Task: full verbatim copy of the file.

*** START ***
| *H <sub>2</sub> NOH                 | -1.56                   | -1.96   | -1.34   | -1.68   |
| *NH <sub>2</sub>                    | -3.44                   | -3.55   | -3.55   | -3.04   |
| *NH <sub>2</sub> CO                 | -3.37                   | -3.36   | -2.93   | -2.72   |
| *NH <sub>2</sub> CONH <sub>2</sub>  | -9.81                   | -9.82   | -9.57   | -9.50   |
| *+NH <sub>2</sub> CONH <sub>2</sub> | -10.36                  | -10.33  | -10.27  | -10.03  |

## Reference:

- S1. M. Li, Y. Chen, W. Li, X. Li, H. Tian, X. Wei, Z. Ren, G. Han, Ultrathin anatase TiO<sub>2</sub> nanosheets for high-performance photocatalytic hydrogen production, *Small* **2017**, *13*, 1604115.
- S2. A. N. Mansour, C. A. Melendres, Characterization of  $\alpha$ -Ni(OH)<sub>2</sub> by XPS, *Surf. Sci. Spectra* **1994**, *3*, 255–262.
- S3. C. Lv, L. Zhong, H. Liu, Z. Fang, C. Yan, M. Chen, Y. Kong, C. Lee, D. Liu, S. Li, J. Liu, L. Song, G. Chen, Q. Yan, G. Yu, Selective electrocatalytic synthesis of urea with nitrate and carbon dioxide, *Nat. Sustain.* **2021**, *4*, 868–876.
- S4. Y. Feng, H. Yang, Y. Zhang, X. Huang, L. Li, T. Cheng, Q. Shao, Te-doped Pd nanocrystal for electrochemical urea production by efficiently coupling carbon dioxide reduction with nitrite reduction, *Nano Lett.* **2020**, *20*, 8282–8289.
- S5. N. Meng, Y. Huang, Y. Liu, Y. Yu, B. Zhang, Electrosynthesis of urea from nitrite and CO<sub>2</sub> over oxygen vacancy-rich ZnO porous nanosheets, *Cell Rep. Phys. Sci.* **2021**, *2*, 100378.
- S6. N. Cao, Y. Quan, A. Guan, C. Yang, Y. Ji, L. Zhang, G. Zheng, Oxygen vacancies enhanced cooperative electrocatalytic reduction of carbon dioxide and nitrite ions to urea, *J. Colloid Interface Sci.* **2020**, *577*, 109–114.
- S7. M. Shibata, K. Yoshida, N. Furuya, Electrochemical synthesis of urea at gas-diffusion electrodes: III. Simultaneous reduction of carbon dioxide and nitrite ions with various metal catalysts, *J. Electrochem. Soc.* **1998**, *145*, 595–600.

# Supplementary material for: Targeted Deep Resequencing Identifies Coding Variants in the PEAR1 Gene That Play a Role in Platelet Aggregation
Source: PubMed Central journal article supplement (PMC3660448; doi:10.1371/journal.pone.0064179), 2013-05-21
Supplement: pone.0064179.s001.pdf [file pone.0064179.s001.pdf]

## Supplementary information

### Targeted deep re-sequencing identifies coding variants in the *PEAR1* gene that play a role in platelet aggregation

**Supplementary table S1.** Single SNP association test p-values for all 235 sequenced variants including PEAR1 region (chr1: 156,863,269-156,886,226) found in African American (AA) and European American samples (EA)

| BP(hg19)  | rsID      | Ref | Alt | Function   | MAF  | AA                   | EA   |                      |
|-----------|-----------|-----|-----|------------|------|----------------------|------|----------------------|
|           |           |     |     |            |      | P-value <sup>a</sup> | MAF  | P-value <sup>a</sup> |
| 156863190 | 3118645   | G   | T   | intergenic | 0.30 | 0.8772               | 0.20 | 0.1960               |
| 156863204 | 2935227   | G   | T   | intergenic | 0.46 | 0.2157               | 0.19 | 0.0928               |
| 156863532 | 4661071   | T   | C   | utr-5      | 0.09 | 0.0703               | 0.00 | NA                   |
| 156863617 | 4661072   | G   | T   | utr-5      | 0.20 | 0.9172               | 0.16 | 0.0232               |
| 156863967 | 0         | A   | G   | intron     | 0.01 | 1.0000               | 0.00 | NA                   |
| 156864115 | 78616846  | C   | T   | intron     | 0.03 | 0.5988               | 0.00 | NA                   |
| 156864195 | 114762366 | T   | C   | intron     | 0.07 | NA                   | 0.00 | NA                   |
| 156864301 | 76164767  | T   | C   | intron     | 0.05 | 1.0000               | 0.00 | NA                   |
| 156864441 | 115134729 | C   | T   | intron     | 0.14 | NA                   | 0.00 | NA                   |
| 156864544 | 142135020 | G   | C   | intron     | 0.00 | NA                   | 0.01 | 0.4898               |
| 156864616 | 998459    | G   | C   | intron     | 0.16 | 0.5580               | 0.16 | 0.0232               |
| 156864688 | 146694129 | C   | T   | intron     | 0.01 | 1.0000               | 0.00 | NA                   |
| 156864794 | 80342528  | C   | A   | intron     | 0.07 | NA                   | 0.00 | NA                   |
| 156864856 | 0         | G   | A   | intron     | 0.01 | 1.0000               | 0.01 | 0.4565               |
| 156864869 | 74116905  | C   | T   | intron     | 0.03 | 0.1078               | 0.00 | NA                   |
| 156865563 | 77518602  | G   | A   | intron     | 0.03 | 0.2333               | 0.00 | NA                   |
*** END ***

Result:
| *H <sub>2</sub> NOH                 | -1.56                   | -1.96   | -1.34   | -1.68   |
| *NH <sub>2</sub>                    | -3.44                   | -3.55   | -3.55   | -3.04   |
| *NH <sub>2</sub> CO                 | -3.37                   | -3.36   | -2.93   | -2.72   |
| *NH <sub>2</sub> CONH <sub>2</sub>  | -9.81                   | -9.82   | -9.57   | -9.50   |
| *+NH <sub>2</sub> CONH <sub>2</sub> | -10.36                  | -10.33  | -10.27  | -10.03  |

## Reference:

- S1. M. Li, Y. Chen, W. Li, X. Li, H. Tian, X. Wei, Z. Ren, G. Han, Ultrathin anatase TiO<sub>2</sub> nanosheets for high-performance photocatalytic hydrogen production, *Small* **2017**, *13*, 1604115.
- S2. A. N. Mansour, C. A. Melendres, Characterization of  $\alpha$ -Ni(OH)<sub>2</sub> by XPS, *Surf. Sci. Spectra* **1994**, *3*, 255–262.
- S3. C. Lv, L. Zhong, H. Liu, Z. Fang, C. Yan, M. Chen, Y. Kong, C. Lee, D. Liu, S. Li, J. Liu, L. Song, G. Chen, Q. Yan, G. Yu, Selective electrocatalytic synthesis of urea with nitrate and carbon dioxide, *Nat. Sustain.* **2021**, *4*, 868–876.
- S4. Y. Feng, H. Yang, Y. Zhang, X. Huang, L. Li, T. Cheng, Q. Shao, Te-doped Pd nanocrystal for electrochemical urea production by efficiently coupling carbon dioxide reduction with nitrite reduction, *Nano Lett.* **2020**, *20*, 8282–8289.
- S5. N. Meng, Y. Huang, Y. Liu, Y. Yu, B. Zhang, Electrosynthesis of urea from nitrite and CO<sub>2</sub> over oxygen vacancy-rich ZnO porous nanosheets, *Cell Rep. Phys. Sci.* **2021**, *2*, 100378.
- S6. N. Cao, Y. Quan, A. Guan, C. Yang, Y. Ji, L. Zhang, G. Zheng, Oxygen vacancies enhanced cooperative electrocatalytic reduction of carbon dioxide and nitrite ions to urea, *J. Colloid Interface Sci.* **2020**, *577*, 109–114.
- S7. M. Shibata, K. Yoshida, N. Furuya, Electrochemical synthesis of urea at gas-diffusion electrodes: III. Simultaneous reduction of carbon dioxide and nitrite ions with various metal catalysts, *J. Electrochem. Soc.* **1998**, *145*, 595–600.

# Supplementary material for: Targeted Deep Resequencing Identifies Coding Variants in the PEAR1 Gene That Play a Role in Platelet Aggregation
Source: PubMed Central journal article supplement (PMC3660448; doi:10.1371/journal.pone.0064179), 2013-05-21
Supplement: pone.0064179.s001.pdf [file pone.0064179.s001.pdf]

## Supplementary information

### Targeted deep re-sequencing identifies coding variants in the *PEAR1* gene that play a role in platelet aggregation

**Supplementary table S1.** Single SNP association test p-values for all 235 sequenced variants including PEAR1 region (chr1: 156,863,269-156,886,226) found in African American (AA) and European American samples (EA)

| BP(hg19)  | rsID      | Ref | Alt | Function   | MAF  | AA                   | EA   |                      |
|-----------|-----------|-----|-----|------------|------|----------------------|------|----------------------|
|           |           |     |     |            |      | P-value <sup>a</sup> | MAF  | P-value <sup>a</sup> |
| 156863190 | 3118645   | G   | T   | intergenic | 0.30 | 0.8772               | 0.20 | 0.1960               |
| 156863204 | 2935227   | G   | T   | intergenic | 0.46 | 0.2157               | 0.19 | 0.0928               |
| 156863532 | 4661071   | T   | C   | utr-5      | 0.09 | 0.0703               | 0.00 | NA                   |
| 156863617 | 4661072   | G   | T   | utr-5      | 0.20 | 0.9172               | 0.16 | 0.0232               |
| 156863967 | 0         | A   | G   | intron     | 0.01 | 1.0000               | 0.00 | NA                   |
| 156864115 | 78616846  | C   | T   | intron     | 0.03 | 0.5988               | 0.00 | NA                   |
| 156864195 | 114762366 | T   | C   | intron     | 0.07 | NA                   | 0.00 | NA                   |
| 156864301 | 76164767  | T   | C   | intron     | 0.05 | 1.0000               | 0.00 | NA                   |
| 156864441 | 115134729 | C   | T   | intron     | 0.14 | NA                   | 0.00 | NA                   |
| 156864544 | 142135020 | G   | C   | intron     | 0.00 | NA                   | 0.01 | 0.4898               |
| 156864616 | 998459    | G   | C   | intron     | 0.16 | 0.5580               | 0.16 | 0.0232               |
| 156864688 | 146694129 | C   | T   | intron     | 0.01 | 1.0000               | 0.00 | NA                   |
| 156864794 | 80342528  | C   | A   | intron     | 0.07 | NA                   | 0.00 | NA                   |
| 156864856 | 0         | G   | A   | intron     | 0.01 | 1.0000               | 0.01 | 0.4565               |
| 156864869 | 74116905  | C   | T   | intron     | 0.03 | 0.1078               | 0.00 | NA                   |
| 156865563 | 77518602  | G   | A   | intron     | 0.03 | 0.2333               | 0.00 | NA                   |